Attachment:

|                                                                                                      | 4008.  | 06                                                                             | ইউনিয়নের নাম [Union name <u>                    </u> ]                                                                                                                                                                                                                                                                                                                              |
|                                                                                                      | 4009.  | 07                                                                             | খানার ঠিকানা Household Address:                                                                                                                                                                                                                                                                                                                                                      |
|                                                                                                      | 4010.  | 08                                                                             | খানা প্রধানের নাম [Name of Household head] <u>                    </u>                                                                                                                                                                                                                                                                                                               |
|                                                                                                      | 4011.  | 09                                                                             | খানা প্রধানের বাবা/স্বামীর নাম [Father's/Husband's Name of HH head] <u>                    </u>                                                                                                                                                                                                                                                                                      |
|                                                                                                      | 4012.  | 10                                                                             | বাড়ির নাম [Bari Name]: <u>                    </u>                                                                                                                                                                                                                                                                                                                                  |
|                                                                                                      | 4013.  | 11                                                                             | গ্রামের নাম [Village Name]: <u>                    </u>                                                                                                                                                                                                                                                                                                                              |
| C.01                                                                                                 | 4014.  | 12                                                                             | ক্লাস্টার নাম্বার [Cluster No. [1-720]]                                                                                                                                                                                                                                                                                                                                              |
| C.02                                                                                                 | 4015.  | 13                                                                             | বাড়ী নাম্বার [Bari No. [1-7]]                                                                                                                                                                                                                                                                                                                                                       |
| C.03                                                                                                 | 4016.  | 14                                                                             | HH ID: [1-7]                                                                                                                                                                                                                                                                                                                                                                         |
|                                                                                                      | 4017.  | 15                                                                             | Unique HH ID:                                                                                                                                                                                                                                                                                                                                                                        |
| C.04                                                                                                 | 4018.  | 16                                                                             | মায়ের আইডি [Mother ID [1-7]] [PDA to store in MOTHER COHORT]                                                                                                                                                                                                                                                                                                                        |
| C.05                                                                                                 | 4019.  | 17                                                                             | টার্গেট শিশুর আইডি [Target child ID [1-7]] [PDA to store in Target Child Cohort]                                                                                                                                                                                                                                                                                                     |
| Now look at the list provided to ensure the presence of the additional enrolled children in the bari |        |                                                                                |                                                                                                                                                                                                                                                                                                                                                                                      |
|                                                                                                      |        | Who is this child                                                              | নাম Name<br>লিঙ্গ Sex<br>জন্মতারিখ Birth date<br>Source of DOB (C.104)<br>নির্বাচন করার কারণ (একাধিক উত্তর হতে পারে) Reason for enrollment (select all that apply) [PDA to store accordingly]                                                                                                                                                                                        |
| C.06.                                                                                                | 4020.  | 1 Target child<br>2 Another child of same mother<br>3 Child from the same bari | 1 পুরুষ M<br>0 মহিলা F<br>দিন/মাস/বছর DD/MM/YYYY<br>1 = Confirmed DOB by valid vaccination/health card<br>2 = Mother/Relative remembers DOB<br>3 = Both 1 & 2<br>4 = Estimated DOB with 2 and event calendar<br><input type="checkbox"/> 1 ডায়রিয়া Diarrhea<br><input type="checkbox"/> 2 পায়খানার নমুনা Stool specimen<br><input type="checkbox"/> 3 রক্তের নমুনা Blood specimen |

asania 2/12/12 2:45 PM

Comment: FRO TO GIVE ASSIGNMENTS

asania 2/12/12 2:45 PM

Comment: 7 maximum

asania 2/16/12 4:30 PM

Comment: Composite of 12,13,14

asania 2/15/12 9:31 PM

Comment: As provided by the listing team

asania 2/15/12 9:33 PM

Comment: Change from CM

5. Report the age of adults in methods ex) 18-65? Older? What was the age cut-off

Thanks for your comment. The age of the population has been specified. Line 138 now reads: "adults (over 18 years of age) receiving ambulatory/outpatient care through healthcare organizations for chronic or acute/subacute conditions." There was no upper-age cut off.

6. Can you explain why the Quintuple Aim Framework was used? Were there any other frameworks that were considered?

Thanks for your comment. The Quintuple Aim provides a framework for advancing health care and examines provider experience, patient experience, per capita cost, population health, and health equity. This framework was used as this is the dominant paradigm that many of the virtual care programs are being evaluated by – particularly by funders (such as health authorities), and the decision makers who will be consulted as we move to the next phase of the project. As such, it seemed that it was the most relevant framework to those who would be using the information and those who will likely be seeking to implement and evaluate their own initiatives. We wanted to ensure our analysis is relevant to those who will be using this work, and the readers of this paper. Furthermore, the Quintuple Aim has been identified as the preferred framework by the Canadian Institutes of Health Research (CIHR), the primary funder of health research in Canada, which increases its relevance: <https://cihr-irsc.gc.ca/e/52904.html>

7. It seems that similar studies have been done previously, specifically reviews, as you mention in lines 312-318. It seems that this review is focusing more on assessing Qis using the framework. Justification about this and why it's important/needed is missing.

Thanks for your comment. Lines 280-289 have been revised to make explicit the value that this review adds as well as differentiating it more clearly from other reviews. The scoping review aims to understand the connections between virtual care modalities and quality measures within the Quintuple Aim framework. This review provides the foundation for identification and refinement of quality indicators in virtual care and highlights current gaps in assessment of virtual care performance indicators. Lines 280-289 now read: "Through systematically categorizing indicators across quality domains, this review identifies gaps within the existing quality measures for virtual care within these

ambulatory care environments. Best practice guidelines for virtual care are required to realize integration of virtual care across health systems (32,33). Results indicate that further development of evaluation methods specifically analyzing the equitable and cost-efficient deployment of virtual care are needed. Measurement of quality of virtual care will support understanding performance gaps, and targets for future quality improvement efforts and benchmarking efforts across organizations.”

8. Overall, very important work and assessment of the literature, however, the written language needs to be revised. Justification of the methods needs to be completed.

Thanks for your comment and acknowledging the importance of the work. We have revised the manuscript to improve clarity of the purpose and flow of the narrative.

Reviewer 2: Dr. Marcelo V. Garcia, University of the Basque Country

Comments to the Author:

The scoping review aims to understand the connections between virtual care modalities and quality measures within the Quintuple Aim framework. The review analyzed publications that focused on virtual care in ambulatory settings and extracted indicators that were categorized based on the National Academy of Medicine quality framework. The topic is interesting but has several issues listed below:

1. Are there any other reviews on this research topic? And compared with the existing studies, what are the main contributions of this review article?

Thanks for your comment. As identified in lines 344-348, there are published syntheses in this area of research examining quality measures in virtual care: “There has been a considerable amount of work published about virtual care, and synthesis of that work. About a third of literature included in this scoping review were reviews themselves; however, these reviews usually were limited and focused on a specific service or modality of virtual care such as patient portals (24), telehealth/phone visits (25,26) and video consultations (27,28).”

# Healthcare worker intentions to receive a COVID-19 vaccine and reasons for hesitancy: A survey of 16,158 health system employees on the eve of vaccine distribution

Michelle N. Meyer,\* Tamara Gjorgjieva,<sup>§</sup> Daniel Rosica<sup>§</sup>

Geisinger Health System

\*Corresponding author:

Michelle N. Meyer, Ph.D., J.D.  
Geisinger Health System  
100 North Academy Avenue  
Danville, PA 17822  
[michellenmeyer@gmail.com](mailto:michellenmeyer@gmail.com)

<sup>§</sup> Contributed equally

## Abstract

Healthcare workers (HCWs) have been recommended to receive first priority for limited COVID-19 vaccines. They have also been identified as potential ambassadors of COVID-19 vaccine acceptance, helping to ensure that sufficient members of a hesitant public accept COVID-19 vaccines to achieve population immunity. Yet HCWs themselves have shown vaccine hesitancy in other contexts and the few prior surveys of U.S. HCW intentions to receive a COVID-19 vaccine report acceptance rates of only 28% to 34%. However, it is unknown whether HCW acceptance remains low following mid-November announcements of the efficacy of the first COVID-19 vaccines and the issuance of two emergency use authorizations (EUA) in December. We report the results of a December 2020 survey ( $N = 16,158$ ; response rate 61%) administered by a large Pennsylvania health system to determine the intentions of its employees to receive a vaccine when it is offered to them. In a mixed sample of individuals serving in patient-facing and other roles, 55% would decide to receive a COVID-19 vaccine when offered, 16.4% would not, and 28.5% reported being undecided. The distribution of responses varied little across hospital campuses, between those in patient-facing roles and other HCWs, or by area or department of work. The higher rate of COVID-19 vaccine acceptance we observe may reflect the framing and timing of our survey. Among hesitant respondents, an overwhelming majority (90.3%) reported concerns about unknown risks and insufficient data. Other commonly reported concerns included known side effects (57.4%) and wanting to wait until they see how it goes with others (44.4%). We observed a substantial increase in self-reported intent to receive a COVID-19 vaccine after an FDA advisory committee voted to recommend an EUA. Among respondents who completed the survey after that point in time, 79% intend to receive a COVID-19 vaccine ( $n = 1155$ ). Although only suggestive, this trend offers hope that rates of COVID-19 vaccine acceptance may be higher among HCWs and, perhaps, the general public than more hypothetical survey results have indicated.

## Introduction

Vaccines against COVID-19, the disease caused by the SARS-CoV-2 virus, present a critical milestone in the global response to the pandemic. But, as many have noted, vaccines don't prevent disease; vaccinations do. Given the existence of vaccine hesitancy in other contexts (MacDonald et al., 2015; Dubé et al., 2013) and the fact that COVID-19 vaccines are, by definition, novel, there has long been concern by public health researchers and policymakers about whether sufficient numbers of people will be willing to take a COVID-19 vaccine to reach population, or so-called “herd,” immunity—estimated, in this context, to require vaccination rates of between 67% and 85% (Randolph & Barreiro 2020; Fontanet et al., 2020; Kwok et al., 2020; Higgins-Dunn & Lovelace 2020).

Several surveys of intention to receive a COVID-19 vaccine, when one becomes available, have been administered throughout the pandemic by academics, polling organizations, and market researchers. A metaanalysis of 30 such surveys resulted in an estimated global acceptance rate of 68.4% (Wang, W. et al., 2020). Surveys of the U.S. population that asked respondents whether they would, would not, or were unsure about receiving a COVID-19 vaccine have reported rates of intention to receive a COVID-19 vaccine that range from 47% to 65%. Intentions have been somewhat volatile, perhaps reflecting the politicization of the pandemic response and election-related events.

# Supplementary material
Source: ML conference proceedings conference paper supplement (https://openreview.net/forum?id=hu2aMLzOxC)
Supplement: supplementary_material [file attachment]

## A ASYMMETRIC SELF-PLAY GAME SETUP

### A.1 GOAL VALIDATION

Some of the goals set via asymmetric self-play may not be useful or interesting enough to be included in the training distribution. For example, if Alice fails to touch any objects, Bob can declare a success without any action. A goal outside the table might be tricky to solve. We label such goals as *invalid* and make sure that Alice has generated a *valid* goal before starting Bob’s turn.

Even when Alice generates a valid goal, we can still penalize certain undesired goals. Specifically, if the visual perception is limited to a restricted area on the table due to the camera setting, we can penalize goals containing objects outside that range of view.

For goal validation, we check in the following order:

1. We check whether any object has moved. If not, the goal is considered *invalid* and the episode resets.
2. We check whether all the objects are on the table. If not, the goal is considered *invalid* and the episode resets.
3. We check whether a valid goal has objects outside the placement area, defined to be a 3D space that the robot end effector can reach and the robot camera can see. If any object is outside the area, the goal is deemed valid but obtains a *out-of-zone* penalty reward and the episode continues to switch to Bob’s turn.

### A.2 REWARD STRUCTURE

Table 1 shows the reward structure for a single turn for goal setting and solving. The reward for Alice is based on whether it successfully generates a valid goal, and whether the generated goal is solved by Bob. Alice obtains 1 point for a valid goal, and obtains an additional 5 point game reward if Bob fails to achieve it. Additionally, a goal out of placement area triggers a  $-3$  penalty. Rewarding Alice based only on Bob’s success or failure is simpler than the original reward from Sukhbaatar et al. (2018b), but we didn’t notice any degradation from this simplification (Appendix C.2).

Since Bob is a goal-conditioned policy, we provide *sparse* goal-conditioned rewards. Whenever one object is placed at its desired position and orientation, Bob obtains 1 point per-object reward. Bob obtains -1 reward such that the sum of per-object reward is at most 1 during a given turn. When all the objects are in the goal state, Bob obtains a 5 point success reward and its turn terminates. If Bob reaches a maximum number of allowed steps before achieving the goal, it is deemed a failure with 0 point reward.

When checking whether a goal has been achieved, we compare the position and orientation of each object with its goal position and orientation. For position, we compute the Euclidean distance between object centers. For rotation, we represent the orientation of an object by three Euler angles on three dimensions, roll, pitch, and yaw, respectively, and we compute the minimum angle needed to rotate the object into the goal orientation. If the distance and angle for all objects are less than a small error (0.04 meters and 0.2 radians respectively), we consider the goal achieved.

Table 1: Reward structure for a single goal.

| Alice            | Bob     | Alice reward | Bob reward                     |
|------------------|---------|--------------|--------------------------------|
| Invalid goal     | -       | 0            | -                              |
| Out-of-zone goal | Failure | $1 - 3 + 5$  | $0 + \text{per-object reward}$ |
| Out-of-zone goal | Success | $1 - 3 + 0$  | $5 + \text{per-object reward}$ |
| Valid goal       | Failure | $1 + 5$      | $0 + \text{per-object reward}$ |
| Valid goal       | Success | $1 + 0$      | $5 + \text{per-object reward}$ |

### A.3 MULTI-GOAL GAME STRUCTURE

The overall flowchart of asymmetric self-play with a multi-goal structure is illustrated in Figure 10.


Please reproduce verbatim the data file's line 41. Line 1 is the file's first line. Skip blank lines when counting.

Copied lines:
Michelle N. Meyer,\* Tamara Gjorgjieva,<sup>§</sup> Daniel Rosica<sup>§</sup>